Where Is The Gas Ballast Valve Installed?



The visible interface of the gas ballast valve is typically a tunable knob or tap located at the ends or top of the vacuum pump. This is typically a hand operated device that can be turned into two or three positions and determines the flow of air as needed. Some gas ballast valves from specific manufacturers have three positions which are “closed”, “medium-flow” and “maximum-flow”.


There is a small passageway on the inside of the pump mechanism that leads from the exterior gas ballast valve to the compression side of the pump. This passageway can allow air to enter the compression side close to the location of the exhaust valve. The entry point to the compression chamber must be located so that the volume of gas is isolated from the volume of the pump inlet. The intake passage can be a simple hole drilled into the pump casing or fitted with a small metal pipe, depending on the situation.


A proper non-return check valve is another important component of all gas ballast valves and is located between the exterior and the intake into the stator volume. It is important to the process that air enters the pump, but we don’t want vapor mixtures and exhaust gasses to leak out through the gas ballast valve. This is prevented by the non-return check valve closing the ballast line once the point in the process where pressure exceeds atmospheric pressure has been reached and exhaust valves opened.


To avoid the added work of hand-operating the gas ballast valve, this task can be handled by a solenoid operated valve that can be connected to the main process control system and controlled automatically. This is convenient because there are stages during the process where this valve should be opened and other times when it should remain closed. There are also some processes that involve hazardous gases. Because both oxygen (O2) and water (H2O) are constituents of the air around us, they can react with some chemicals in a process, for this reason, nitrogen can be used because of its inert qualities.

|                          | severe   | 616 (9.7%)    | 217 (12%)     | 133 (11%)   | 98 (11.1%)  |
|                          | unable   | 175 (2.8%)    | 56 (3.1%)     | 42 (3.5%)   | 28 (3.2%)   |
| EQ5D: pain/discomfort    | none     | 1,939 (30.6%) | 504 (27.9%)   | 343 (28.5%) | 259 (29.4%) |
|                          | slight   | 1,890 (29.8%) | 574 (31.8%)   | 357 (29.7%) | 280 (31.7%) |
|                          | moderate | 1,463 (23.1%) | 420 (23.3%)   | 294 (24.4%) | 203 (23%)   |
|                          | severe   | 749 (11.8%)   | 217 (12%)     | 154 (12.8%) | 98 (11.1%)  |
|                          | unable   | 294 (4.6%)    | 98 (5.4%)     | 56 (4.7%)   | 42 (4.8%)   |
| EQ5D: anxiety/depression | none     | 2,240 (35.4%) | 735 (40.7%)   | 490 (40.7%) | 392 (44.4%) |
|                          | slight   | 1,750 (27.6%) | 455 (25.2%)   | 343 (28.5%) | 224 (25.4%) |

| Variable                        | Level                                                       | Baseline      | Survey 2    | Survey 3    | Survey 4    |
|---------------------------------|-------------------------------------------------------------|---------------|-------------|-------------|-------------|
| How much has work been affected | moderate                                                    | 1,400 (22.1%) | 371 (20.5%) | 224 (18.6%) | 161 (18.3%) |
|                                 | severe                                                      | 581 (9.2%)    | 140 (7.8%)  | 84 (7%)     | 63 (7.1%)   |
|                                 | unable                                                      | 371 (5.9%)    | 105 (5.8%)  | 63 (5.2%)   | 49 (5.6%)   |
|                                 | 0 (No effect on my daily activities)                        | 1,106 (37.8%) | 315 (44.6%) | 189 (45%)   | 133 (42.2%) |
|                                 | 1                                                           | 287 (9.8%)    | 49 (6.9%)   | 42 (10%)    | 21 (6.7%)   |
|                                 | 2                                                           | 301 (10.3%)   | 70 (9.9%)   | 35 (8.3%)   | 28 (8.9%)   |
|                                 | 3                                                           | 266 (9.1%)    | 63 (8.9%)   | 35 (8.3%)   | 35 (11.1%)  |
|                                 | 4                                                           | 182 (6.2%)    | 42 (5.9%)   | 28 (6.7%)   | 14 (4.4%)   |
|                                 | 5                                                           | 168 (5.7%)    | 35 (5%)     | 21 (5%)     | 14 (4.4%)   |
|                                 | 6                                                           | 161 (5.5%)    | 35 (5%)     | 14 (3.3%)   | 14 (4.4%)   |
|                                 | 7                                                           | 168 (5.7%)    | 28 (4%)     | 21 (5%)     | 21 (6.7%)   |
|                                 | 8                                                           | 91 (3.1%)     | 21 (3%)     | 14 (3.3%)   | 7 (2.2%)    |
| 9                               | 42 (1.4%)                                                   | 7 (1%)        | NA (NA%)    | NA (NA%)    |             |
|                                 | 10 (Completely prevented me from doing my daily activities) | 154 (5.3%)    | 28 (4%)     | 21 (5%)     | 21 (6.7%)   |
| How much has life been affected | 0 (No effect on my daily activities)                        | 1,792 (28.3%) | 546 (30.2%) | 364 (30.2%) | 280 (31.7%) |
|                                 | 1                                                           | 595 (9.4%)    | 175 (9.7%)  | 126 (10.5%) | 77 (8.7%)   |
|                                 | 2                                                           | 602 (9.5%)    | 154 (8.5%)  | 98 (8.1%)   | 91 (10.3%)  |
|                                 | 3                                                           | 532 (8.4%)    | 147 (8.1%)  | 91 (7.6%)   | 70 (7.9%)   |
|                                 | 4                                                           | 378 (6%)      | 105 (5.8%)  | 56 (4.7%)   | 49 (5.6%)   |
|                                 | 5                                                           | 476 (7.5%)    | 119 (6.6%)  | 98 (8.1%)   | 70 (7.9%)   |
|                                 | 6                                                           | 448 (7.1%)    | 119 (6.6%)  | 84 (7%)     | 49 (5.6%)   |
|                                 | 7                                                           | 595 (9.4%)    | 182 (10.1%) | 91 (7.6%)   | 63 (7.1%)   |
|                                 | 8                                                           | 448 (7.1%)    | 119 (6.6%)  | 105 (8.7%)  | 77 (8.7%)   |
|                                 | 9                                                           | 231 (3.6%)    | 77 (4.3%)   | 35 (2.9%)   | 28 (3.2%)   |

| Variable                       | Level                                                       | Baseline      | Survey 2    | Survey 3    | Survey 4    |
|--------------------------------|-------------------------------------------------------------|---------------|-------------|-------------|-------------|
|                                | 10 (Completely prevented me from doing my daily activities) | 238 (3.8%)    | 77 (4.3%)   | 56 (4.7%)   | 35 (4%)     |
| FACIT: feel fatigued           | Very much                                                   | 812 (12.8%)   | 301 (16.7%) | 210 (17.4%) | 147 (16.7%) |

What Happens When The Gas Ballast Valve Is Open?



The effects are the same when used with a rotary piston or rotary vane pump. The gas ballast can be utilized when there are medium or larger amounts of condensable vapors, like water, in the system.


When the gas ballast valve is opened it will prevent the vacuum pump from fully achieving the vacuum. Once the cycle has neared its end and a lower pressure is needed, the gas ballast can then be closed once all of the water has been pumped from the system.


At regular temperatures, water vapors will begin to desorb from the surface of the vacuum chamber once the pressure has reached about 30 Torr. Water vapor pressure at this temperature is at 18 Torr so pressures below this marking will allow the greatest amounts of water to be evolved. The combinations of water vapor and gas will enter the vacuum pump near the inlet side and will then be sent into the high-pressure side through the pumping action.